----- Original Message -----
From: "Neal Gompa" <ngompa13(a)gmail.com>
To: "Development discussions related to Fedora"
Sent: Friday, October 11, 2019 2:36:58 PM
Subject: Re: Modularity and the system-upgrade path
On Fri, Oct 11, 2019 at 8:50 AM Stephen Gallagher <sgallagh(a)redhat.com>
> On Thu, Oct 10, 2019 at 10:41 AM Lukas Ruzicka <lruzicka(a)redhat.com> wrote:
>> Seeing the reaction of the Modularity WG ... I do not understand how it is
>> possible that such important decisions are taken by 4 people without any
>> Fedora wide discussions like this. And yet, it seems a little bit that
>> even opinions on this list will not fall on fertile grounds.
> To be clear, I am reading every single reply to this thread very carefully.
> We *will* be taking all of this feedback into consideration, but please
> understand that we're also trying to balance things. As Neal noted
> upthread, we do have a responsibility to our downstream to make sure that
> we do not break the ability to manage default streams. This becomes much
> more difficult if we cannot have them in Fedora, because the testing of
> them is lost. Additionally, no one on the WG disagrees with you that the
> current state of things is undesirable. I take a moderate amount of
> offense to the repeated insinuations that the solutions we are building
> are "hacks". Yes, there's a proposal to work around the upgrade issue
> F31 that is absolutely a one-off hack to buy time. But our plans for how
> upgrades should work long-term as well as how defaults need to behave in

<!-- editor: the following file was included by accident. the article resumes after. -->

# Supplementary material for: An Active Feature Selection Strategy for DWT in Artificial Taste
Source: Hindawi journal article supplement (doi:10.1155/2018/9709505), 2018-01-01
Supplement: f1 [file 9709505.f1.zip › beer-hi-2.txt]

> the distro are being considered very carefully. We are trying to avoid
> breakage and to make the process simpler, but we are also shoring up the
> bridge while crossing it.
Two years into this, I am currently not confident that modularity will
be adapted to support community distributions well, especially
fast-paced ones like Fedora. My fears about it encouraging Fedora to
slow down has also seemingly borne fruit, too. Java is proof positive
Since the implosion of Fedora Java in the regular distribution and its
move to modules, the traditional effort to move to newer Java versions
has basically disappeared. Java 11 LTS was released last year, and to
this day our default Java is still Java 8 (which is EOL!). Clearly,
we're developing a new antipattern that we need to nip in the bud
sooner rather than later.
Not going to argue that we're well behind here, but to my knowledge,
the Stewardship SIG maintains just about everything you'd find in a
useless modular repo (e.g., packages that are outside of the default
module stream's limited API) as an ursine package. We try not to
duplicate too much of what's provided in the default module streams.
So the claim that Java has imploded in the regular distribution are
a little bit of a stretch.
Then again, I don't use eclipse and most of my projects use CMake, not
maven so I don't miss either of those major projects. I'm mostly talking
about the vast swatches of Java libraries... :)
My disappointment in this became even greater when openSUSE beat us to
switching to Java 11. Their packaging is derived from ours! They've
demodularized Java for openSUSE and then did the work to move
everything forward. Meanwhile, we've now failed at our "first" and
"features" pillars because the incentive is now *gone*.
The Stewardship SIG does its best to update packages, but doesn't
have the resources to fully switch to JDK 11 ourselves. That's really
up to the Java SIG. Also, there's really nothing to do to demodularize
a package. Just choose a branch and build it as an ursine package...